Wednesday, January 20, 2021

The Thursday Murder Club

In this clever, cozy whodunnit, four residents of a British retirement community wield their crime-solving powers to catch a killer.

With The Thursday Murder Club, British TV personality Richard Osman (The World Cup of Everything) has crafted a very funny cozy mystery set in an upscale assisted living community in bucolic Kent, England.


In the luxury facility, four elderly residents--each retired, sharp and energetic--meet once a week in the Jigsaw Room, where they covertly gather to crack actual cold case murders. The group was founded by resident Elizabeth, a shrewd and devious former spy, and Penny, a retired police detective inspector who provided the cases to solve. With Penny now in a coma, however, Elizabeth keeps the club in session, continuing to work cold cases with other fellow residents and mystery aficionados. They include dapper Ibrahim, a psychiatrist; brassy, tattooed Ron, a former trade union official; and unassuming Joyce, a nurse whose interspersed diary commentaries enlighten readers to the often zany inner workings of the club.


When a real-life murder happens at the facility--the bludgeoning of the builder who constructed the retirement community--the club and its members employ their offbeat skills and talents to root out the killer. They skillfully manipulate the help of a 26-year-old female police constable--an ambitious transplant from London--and her Detective Chief Inspector boss, who follow a host of leads and red herrings.


Osman's suspenseful, complex and deeply entertaining storytelling--along with rich characterizations depicting the quirky absurdities and power of pensioners--transforms darker themes of murder and crime-solving into smart, clever fun.


The Thursday Murder Club by Richard Osman

Pamela Dorman Books, $26.00 Hardcover, 9781984880963, 368 pages

Publication Date: September 22, 2020

To order this book on INDIEBOUND, link HERE


NOTE: This review is a reprint and is being posted with the permission of Shelf Awareness. To read this review on Shelf Awareness: Reader's Edition (October 2, 2020), link HERE

Wednesday, January 6, 2021

This Time Next Year

A lively rom-com about two Brits--born on the same day, in the same hospital--who meet after 30 years and are forced to reconsider their lives and shared history.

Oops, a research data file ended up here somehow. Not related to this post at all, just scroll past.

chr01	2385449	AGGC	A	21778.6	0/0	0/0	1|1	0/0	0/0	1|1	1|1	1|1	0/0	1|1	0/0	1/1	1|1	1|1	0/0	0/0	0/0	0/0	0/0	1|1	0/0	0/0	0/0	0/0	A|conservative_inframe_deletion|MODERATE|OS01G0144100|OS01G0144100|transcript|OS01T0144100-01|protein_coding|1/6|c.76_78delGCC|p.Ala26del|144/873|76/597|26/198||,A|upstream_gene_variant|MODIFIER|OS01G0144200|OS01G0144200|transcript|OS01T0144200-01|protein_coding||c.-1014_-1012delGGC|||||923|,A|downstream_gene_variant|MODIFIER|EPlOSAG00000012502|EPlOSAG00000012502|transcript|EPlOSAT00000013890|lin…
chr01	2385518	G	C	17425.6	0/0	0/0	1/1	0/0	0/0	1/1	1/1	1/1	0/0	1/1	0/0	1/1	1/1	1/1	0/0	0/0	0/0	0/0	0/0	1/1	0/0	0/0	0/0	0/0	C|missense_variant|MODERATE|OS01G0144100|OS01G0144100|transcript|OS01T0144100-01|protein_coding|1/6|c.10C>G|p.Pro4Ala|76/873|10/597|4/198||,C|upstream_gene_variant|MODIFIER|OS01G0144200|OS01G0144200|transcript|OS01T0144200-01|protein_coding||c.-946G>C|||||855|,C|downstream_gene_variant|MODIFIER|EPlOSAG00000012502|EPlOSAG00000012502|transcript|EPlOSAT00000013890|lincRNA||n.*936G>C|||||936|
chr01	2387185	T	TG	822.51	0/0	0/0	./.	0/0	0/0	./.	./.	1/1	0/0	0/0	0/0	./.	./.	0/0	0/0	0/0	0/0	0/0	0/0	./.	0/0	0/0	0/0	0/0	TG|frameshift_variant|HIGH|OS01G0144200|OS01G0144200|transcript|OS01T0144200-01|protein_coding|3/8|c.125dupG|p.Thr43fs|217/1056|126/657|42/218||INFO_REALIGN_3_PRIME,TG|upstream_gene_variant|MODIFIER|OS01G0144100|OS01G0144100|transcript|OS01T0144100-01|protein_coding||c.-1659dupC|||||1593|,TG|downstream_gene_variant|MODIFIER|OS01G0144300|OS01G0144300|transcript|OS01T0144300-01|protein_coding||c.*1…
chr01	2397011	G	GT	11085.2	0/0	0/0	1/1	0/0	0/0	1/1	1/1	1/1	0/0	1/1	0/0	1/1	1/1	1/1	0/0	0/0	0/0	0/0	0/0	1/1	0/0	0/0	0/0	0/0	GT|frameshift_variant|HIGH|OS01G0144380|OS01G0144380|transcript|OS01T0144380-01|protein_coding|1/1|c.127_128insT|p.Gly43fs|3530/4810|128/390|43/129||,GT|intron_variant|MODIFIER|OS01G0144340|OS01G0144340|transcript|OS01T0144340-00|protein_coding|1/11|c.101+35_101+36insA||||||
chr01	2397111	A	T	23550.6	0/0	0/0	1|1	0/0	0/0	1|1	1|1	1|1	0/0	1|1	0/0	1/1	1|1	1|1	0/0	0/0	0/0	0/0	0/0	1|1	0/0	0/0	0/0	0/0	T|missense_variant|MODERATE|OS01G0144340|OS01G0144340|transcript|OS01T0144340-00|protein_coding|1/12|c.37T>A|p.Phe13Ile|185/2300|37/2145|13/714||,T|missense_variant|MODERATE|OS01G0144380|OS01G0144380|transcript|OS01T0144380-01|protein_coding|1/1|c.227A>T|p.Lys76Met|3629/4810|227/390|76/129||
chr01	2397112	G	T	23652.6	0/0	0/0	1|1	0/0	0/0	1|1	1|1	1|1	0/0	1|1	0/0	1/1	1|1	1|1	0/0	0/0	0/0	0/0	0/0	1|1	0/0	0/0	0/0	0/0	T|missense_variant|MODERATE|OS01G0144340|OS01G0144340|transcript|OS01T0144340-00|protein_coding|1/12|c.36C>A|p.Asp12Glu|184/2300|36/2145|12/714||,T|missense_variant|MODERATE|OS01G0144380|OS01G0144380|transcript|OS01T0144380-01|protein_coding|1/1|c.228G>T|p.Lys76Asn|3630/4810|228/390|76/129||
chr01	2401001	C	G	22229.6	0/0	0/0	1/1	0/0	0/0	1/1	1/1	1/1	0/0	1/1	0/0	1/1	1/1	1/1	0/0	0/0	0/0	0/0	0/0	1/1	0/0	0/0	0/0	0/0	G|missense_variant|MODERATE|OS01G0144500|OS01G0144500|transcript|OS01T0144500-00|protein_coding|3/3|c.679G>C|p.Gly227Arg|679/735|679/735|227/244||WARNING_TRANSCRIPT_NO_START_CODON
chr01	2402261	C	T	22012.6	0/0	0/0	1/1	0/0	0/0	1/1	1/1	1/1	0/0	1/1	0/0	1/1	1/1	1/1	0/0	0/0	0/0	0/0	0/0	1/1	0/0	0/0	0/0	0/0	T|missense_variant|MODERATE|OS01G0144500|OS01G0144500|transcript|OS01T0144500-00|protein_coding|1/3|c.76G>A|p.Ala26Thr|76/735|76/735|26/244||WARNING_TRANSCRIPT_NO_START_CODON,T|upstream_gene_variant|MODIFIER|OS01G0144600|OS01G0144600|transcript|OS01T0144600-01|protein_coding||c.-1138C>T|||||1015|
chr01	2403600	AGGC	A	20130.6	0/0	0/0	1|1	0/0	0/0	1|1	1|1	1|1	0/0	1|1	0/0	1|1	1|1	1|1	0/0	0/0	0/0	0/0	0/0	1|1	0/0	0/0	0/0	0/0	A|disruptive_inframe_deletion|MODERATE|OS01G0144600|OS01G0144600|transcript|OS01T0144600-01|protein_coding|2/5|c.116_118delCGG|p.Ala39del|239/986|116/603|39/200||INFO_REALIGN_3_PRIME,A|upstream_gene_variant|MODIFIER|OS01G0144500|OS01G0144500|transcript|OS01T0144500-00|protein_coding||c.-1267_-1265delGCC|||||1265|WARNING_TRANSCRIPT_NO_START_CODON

Sophie Cousens's first novel, This Time Next Year, is a clever, offbeat romantic comedy about two young Brits whose lives play out in vastly different ways.

Minnie Cooper--whose mother, Connie, had the audacity to name her daughter after the car--always had a challenging life. On the day of Minnie's birth, New Year's 1990, her mother had her heart set on naming her Quinn. However, when Connie's roommate in the maternity ward, Tara Hamilton, gave birth a minute before Connie, Tara stole the name, bestowing "Quinn" upon her own baby, a son. Connie is forced to go with her second choice--a watershed moment in the lives of the two newborns and their emotionally wounded mothers.

Minnie grows up taunted by peers and comes to believe nothing good ever happens on New Year's. This self-fulfilling prophecy, further propagated by her mother, plays out in extraordinary ways on New Year's 2020, which also happens to be Minnie's 30th birthday. When Minnie's beau drags her to a party thrown by one of his coworkers, Minnie loses her coat, gets vomited upon and then is locked in a bathroom overnight. Ugh! On New Year's Day, Minnie is finally freed from the loo by none other than Quinn Hamilton. The Quinn--born on the same day, a minute before Minnie, at the same hospital 30 years before. 

Cousens's colorful, quirky cast becomes embroiled in big, memorable scenes that capture and unravel the histories of both Minnie and Quinn. Rom-com readers will revel in Cousens's wry, lively story, which probes themes of self-discovery, acceptance and forgiveness, and the abiding nature of friendship.

This Time Next Year: A Novel by Sophie Cousens

Putnam, $16.00 Paperback, 9780593191200, 352 pages

Publication Date: December 1, 2020

To order this book on INDIEBOUND, link HERE


NOTE: This review is a reprint and is being posted with the permission of Shelf Awareness. To read this review on Shelf Awareness: Reader's Edition (December 8, 2020), link HERE